Updated info below
The medical marijuana  community – everyone from small growers to Harborside Health Center, the biggest dispensary in Oakland – are reacting strongly against an ordinance proposed by Oakland City Council members Rebecca Kaplan and Larry Reid to limit and license marijuana cultivation, a proposal that will be heard tonight (7/13) at 6 p.m. by the council's Public Safety Committee.
They say the measure is an affront to medical marijuana patients and the small growing operations that have been at the forefront of the long struggle to legalize pot for medical uses. While the measure stems from concern about growing weed in residential areas – it would allow only a few large growing operations exclusively in industrial areas – critics characterize it as an attack on patients that violates Prop. 215, the 1996 measure that legalized medical marijuana and explicitly allows patients to grow their own medicine.
“It’s a disturbing turn of events for the usually forward thinking Oakland City Council,” medical marijuana consultant Gaynell Rogers, who works with Harborside, the city's premier dispensary, wrote in a press release. It went on to quote Harborisde executive director Steve DeAngelo as saying, “This ordinance would deprive hundreds of patient-farmers of their livelihood. It seems a very unfair way to repay them for the years during which they courageously stood up to the federal government, and faithfully supplied patients with the medicine they could not get anywhere else...I’d rather see Harborside’s own opportunity to produce on a centralized efficient-scale basis reduced, than to see the small patient-farmers who are the backbone of this movement driven to extinction.”
Kaplan did not immediately return a Guardian call seeking comment, and neither did Oakland City Attorney John Russo, who is one of the few active law enforcement officers and elected officials to come out in support of Prop. 19, the fall ballot measure that would legalize marijuana for even recreational use by adults.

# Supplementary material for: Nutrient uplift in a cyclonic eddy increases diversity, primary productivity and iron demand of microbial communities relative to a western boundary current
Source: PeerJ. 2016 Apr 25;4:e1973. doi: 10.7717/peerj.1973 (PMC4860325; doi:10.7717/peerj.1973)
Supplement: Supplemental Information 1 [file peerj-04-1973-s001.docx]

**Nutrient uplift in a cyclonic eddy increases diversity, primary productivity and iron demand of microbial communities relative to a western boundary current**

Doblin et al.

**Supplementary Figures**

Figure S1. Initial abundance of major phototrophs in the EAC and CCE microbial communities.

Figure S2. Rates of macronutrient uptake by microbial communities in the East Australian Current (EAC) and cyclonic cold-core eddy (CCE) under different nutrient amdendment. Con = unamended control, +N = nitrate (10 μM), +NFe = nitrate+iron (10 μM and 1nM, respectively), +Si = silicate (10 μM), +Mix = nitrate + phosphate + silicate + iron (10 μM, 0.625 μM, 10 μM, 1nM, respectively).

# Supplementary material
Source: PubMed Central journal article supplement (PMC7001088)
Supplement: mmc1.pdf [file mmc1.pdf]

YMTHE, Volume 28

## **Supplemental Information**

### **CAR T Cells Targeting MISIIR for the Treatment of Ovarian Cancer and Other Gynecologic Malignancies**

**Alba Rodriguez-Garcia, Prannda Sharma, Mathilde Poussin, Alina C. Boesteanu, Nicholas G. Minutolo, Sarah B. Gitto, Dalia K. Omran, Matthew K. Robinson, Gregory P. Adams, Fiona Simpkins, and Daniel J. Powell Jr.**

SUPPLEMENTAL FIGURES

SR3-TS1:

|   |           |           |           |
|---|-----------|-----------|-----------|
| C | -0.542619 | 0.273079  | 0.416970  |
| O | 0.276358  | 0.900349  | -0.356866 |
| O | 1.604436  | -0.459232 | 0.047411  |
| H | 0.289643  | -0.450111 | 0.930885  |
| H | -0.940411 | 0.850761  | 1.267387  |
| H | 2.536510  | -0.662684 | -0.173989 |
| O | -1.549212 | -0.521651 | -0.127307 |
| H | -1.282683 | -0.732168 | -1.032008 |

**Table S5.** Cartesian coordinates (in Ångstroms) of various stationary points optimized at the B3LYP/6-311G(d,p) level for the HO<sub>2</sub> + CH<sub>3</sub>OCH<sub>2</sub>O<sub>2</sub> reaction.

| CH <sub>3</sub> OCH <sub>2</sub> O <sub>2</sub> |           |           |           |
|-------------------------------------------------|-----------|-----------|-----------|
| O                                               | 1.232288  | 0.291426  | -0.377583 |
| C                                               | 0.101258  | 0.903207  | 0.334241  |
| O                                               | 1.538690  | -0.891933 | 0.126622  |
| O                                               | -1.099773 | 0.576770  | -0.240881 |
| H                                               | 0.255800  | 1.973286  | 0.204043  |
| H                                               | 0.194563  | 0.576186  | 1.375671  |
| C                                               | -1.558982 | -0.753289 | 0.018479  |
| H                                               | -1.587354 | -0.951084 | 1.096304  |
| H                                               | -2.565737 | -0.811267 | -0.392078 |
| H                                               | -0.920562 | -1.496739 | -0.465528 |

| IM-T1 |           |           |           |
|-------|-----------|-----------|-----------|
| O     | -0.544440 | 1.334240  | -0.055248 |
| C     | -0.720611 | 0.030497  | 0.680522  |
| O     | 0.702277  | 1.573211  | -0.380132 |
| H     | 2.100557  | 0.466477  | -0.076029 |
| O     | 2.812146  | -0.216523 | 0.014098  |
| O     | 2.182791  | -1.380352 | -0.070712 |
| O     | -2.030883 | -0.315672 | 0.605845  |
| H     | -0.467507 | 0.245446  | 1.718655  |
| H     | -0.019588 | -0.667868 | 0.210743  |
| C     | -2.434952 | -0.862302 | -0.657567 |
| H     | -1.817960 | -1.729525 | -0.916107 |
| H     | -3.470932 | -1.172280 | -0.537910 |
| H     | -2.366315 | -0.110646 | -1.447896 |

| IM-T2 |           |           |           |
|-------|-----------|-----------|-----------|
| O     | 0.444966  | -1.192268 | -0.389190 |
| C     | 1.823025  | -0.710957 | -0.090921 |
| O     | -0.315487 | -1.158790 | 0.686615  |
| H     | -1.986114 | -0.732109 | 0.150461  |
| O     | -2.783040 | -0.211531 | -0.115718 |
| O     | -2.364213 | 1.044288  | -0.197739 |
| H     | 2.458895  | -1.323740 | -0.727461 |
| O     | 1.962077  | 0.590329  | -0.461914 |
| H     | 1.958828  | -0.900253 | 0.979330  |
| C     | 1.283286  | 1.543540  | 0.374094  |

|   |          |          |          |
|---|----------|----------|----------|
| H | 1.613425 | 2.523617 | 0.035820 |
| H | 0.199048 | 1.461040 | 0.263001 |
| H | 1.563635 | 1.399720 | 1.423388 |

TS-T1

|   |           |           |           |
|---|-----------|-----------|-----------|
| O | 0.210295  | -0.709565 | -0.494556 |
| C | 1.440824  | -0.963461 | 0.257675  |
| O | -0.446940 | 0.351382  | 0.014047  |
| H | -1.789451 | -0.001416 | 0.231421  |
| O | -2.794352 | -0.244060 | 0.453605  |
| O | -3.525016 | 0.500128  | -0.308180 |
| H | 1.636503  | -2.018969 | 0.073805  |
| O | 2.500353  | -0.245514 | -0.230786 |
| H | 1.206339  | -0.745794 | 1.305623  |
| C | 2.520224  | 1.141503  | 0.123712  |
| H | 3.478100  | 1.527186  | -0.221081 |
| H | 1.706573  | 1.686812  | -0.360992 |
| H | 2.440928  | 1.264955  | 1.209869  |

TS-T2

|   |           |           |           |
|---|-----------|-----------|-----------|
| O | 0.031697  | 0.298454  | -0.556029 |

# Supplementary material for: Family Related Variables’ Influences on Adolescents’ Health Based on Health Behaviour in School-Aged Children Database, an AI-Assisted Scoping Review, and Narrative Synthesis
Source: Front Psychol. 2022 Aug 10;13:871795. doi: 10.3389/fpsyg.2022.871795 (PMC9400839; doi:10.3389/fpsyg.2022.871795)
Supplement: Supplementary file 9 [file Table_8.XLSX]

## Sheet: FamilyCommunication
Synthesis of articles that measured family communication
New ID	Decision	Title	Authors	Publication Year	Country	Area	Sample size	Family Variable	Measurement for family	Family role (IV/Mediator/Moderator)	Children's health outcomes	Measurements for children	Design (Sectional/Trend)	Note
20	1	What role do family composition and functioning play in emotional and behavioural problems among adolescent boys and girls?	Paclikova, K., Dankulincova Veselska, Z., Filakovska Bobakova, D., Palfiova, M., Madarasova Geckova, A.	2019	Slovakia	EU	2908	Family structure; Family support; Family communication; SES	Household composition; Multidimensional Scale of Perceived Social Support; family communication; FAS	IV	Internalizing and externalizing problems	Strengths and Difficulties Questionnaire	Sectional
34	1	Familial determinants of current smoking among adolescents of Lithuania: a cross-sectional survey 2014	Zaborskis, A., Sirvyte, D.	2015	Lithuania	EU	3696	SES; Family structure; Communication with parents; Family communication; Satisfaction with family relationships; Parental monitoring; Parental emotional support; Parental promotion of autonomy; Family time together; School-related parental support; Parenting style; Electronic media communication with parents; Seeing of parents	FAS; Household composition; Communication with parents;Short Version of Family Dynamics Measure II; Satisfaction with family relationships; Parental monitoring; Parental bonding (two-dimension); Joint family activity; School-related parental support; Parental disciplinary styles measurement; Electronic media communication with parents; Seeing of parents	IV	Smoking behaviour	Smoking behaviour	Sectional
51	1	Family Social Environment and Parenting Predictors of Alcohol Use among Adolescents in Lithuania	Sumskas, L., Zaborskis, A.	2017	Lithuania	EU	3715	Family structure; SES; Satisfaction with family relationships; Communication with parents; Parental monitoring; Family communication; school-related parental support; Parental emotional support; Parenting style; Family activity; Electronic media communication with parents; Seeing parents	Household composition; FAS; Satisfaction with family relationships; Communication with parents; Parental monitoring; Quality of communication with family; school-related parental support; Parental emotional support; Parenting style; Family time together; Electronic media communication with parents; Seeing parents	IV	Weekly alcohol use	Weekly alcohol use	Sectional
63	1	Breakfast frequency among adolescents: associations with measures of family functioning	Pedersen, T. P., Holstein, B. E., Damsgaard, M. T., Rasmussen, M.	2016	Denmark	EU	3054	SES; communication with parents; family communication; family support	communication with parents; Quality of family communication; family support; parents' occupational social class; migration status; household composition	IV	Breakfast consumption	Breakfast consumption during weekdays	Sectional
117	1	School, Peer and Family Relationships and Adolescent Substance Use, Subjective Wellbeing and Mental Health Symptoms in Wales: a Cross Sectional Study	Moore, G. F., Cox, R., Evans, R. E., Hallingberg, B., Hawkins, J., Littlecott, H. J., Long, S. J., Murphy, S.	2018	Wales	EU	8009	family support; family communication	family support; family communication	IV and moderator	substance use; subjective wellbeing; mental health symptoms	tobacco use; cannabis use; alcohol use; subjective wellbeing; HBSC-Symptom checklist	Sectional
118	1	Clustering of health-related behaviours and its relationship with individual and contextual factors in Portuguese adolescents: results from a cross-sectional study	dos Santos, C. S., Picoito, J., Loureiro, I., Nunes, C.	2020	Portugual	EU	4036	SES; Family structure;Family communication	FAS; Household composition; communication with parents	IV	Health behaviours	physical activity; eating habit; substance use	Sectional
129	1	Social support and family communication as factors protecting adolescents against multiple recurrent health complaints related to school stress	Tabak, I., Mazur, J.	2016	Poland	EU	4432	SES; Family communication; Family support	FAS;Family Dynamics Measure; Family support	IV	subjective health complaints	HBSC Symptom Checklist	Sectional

In addition to regulating growers for the first time, the proposed legislation would also increase the number of licensed dispensaries from four to six. San Francisco, a trailblazer in regulating medical marijuana , currently has more than 22 licensed dispensaries and no licensing program for growers, although Sup. Ross Mirkarimi has said there is a need to better protect growers from prosecution and even to explore having the city grow medical marijuana.
While medical marijuana advocates welcome regulations as a necessary step toward legitimizing the industry, they generally oppose anything limits a patient's rights to grow their own weed. "We support local regulation but not when it's at the expense of patients," Mike Meno, a spokesperson for the DC-based Marijuana Policy Project, told the Guardian.
The hearing will be held in council chambers, with this item last on the agenda for a meeting that begins at 6 p.m.
Update: Kaplan has been in a closed session on Oakland Police Department issues all day, but her staffers just got back to me and clarified that the measure allows small grows of up to 96 square feet or 72 plants (Oakland's standard for the needs of three patients) to continue unlicensed, although they say the intention is to eventually set standards and a legal framework for all medical marijuana growers.
Policy analyst Ada Chan said Kaplan is concerned about commercial grows in residential areas and its related crime and fire risks and "she feels we need to move it out of residential areas." She said Harborside and other medical marijuana players were consulted in drafting the legislation, which she said would likely be subject to more staff work before being approved: "This is just the first step."
But Harborside attorney James Anthony told us that he had not seen language or specifics on the legislation until it was publicly released last week, he's still concerned that small growing operations will be hurt by the measure because of ambiguity in the legislation, and he fears the council intends to move quickly on an unworkable policy: "This thing is on track to go to the full City Council next week and pass."